norms was the primary objective,” Petrie-Allbutt says. “However, we adopted a holistic perspective, one that transcended the two-dimensional planning stage, and regarded the space as a dynamic environment necessitating an optimal quality of illumination. “Our emphasis rested on understanding not only the merchandise but also the shopper’s journey through the space, recognising that effective lighting is instrumental in enabling customers to engage with and appreciate the products on offer. “Our lighting design methodology is founded on the analogy of ‘space as a canvas’. We commence with a black-and-white 3D line representation of the area, akin to a blank canvas, upon which we apply layers of light, mirroring the technique of a watercolour artist. These layers accumulate, creating a nuanced interplay of luminance that, conceptually, mirrors the notion of ‘less is more’. Just as a surplus of pigment can obscure the subtleties of a watercolour painting, an excess of light can diminish the spatial contrast and character. Our objective is to achieve a balanced illumination where light and shadow coexist harmoniously, accentuating architectural details and evoking depth.” In building up a layered lighting approach, the designers played with a variety of colour temperatures to highlight or accentuate different departments. Starting with a base ambient light level of 3500K, heroes and key products were illuminated at temperatures ranging from 3000K (high-end luggage) to 4500K (make up and perfumes). It was the belief of Studio All that by varying colour temperatures throughout, it not only ensures products are showcased in their best light, but creates areas of contrast and gently breaks the space up. Petrie-Allbutt explains how, with such variation in colour temperature, an underlying consistency was created: “The process of testing and conceptual development using architectural colour pattern diagramming ensured the variances were subtle, blended and not polarising or at all startling. Mocking up, initially in our studio, to achieve the correct ambience and that all important “feel” of the light and then presenting this to the client to ensure they were happy with this approach and outcome was imperative to the success of the installation. The overall comprehensive approach to the solution was tricky for the client to fully appreciate until they experience the finished product. This required a great trust from the client in our capability to deliver conceptual ideas into the real world.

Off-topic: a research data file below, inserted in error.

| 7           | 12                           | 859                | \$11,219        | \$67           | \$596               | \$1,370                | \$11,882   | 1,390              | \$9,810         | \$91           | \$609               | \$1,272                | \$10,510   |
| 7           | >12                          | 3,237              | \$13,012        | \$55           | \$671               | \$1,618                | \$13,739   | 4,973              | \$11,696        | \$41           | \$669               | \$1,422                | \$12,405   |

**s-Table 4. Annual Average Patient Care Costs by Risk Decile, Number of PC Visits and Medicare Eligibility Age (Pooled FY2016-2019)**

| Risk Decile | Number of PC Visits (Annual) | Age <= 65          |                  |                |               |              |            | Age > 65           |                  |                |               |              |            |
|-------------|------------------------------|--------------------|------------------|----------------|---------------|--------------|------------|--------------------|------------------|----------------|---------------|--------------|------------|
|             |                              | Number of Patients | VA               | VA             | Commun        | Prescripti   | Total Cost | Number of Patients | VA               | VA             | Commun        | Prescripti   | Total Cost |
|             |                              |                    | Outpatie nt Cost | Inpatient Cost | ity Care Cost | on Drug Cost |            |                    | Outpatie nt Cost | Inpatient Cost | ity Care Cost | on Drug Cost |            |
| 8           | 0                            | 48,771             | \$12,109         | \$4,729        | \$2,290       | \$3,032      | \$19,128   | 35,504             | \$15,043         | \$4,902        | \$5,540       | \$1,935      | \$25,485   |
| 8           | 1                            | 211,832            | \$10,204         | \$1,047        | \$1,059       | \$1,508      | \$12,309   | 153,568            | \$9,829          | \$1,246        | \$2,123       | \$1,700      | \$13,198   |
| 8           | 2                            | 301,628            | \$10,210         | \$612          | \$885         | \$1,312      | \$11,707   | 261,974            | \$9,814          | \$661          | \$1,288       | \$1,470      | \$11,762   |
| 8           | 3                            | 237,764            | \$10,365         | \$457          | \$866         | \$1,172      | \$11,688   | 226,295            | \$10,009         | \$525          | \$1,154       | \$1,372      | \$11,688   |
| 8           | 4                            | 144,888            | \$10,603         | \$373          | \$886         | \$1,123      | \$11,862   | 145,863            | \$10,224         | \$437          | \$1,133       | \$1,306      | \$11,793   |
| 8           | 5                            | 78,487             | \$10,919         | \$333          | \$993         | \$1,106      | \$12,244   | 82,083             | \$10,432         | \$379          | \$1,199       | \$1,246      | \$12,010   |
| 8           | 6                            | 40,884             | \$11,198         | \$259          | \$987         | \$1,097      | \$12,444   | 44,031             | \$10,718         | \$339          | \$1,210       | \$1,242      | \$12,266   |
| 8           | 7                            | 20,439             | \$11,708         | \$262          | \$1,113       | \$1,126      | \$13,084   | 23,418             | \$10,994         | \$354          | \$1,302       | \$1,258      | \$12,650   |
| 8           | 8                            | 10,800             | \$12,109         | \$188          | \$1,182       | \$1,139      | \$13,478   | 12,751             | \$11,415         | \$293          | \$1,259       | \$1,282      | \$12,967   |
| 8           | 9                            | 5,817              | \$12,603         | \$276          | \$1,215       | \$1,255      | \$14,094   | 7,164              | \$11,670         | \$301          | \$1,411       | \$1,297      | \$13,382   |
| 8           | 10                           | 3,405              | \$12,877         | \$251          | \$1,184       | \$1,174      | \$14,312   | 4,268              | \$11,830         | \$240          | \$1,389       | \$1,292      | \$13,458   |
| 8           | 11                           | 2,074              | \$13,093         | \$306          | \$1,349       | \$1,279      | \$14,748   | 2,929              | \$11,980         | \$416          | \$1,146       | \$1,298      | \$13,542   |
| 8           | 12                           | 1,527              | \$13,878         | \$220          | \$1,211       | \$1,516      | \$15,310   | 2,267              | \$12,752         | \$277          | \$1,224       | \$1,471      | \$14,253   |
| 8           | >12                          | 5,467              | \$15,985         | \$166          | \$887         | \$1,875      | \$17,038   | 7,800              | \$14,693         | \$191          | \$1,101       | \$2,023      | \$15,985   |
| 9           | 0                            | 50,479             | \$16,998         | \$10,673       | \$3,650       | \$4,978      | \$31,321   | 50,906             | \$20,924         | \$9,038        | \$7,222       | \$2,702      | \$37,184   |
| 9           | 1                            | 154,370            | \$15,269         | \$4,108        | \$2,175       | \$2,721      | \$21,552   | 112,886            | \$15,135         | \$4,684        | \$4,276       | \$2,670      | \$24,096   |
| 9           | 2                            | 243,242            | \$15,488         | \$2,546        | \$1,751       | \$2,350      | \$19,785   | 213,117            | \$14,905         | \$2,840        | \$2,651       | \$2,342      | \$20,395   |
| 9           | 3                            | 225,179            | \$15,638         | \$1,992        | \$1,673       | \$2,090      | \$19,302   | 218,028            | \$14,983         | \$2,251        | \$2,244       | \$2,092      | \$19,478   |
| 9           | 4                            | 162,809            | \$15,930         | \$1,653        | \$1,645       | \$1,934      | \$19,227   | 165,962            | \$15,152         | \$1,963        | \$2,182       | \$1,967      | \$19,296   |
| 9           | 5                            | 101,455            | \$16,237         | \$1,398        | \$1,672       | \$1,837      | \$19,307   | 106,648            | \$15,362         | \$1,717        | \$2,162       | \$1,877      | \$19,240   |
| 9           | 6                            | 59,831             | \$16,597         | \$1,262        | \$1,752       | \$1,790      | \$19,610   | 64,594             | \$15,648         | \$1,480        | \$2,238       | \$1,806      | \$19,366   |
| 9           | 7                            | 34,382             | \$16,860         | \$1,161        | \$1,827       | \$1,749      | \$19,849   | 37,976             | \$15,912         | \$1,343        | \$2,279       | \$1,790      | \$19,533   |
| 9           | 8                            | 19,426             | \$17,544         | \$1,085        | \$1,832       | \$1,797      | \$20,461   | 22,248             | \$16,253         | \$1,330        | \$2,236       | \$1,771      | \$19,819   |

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“To ensure a harmonious and consistent atmosphere within the space despite the significant diversity in colour temperatures, a meticulous approach was adopted. The space featured a range of ceiling treatments, spanning from dark to light, incorporating louvres and finished plaster. Achieving consistency in this context involved a strategic pairing of luminaires in black and white to correspond with the ceiling colours. This consideration was augmented by acknowledging the reduced reflectance associated with darker ceilings. “The foundational consistency was established by employing a light wash of a wider beam at 3500K, serving as the blended baseline. Over areas where different colour temperatures overlapped, a skilful transition was accomplished by gently feathering in 4000K and 3000K lighting, referred to as “thresholds.” The architectural retail zoning and floor finishes also contributed significantly to this seamless blending of light throughout the space. “The perimeter wall, which remained a constant element, was uniformly lit at 3500K, serving as the central reference point for cohesion. This choice ensured that the “perceived” colour temperature of the entire space remained consistent, even as the experiential qualities within each zone were thoughtfully tailored and diverse. “This foundational layer was then enriched with a more detailed and deliberate approach to lighting. Specialised variable accent downlights or track spotlights were introduced, contingent on factors like the ceiling finish and the adaptability of floor fixtures. These various colour temperatures were strategically paired with specific merchandise types, thereby creating a layered lighting strategy that added depth and nuance to the overall visual experience.” Although the support of the client was integral to the success of the lighting scheme, PetrieAllbutt explains that the collaboration with both the architects and the shopfitters, Trivision, was of “paramount importance in bringing the lighting design to fruition”. “While Studio All enjoyed creative freedom in conceptualising the lighting scheme, with primary approval from PVH, it was the implementation phase where the expertise and precision of the shopfitters truly shone,” he explains. “In practice, every luminaire, though physically identical in appearance, required meticulous customisation with varying lenses and colour temperature chips. This level of detail and precision was solely achievable through the skilled hands of Trivision and their team of electricians. “The success of any design is, undeniably, contingent upon its effective execution on-site. Working closely with Trivision was essential to bridge the gap between design theory and the real-world realisation of the lighting scheme. Their intricate work in adapting and fine-tuning each luminaire was instrumental in ensuring that the envisioned lighting design seamlessly integrated with the interior architecture, and ultimately, created the desired ambience and visual impact. The collaborative relationship between the design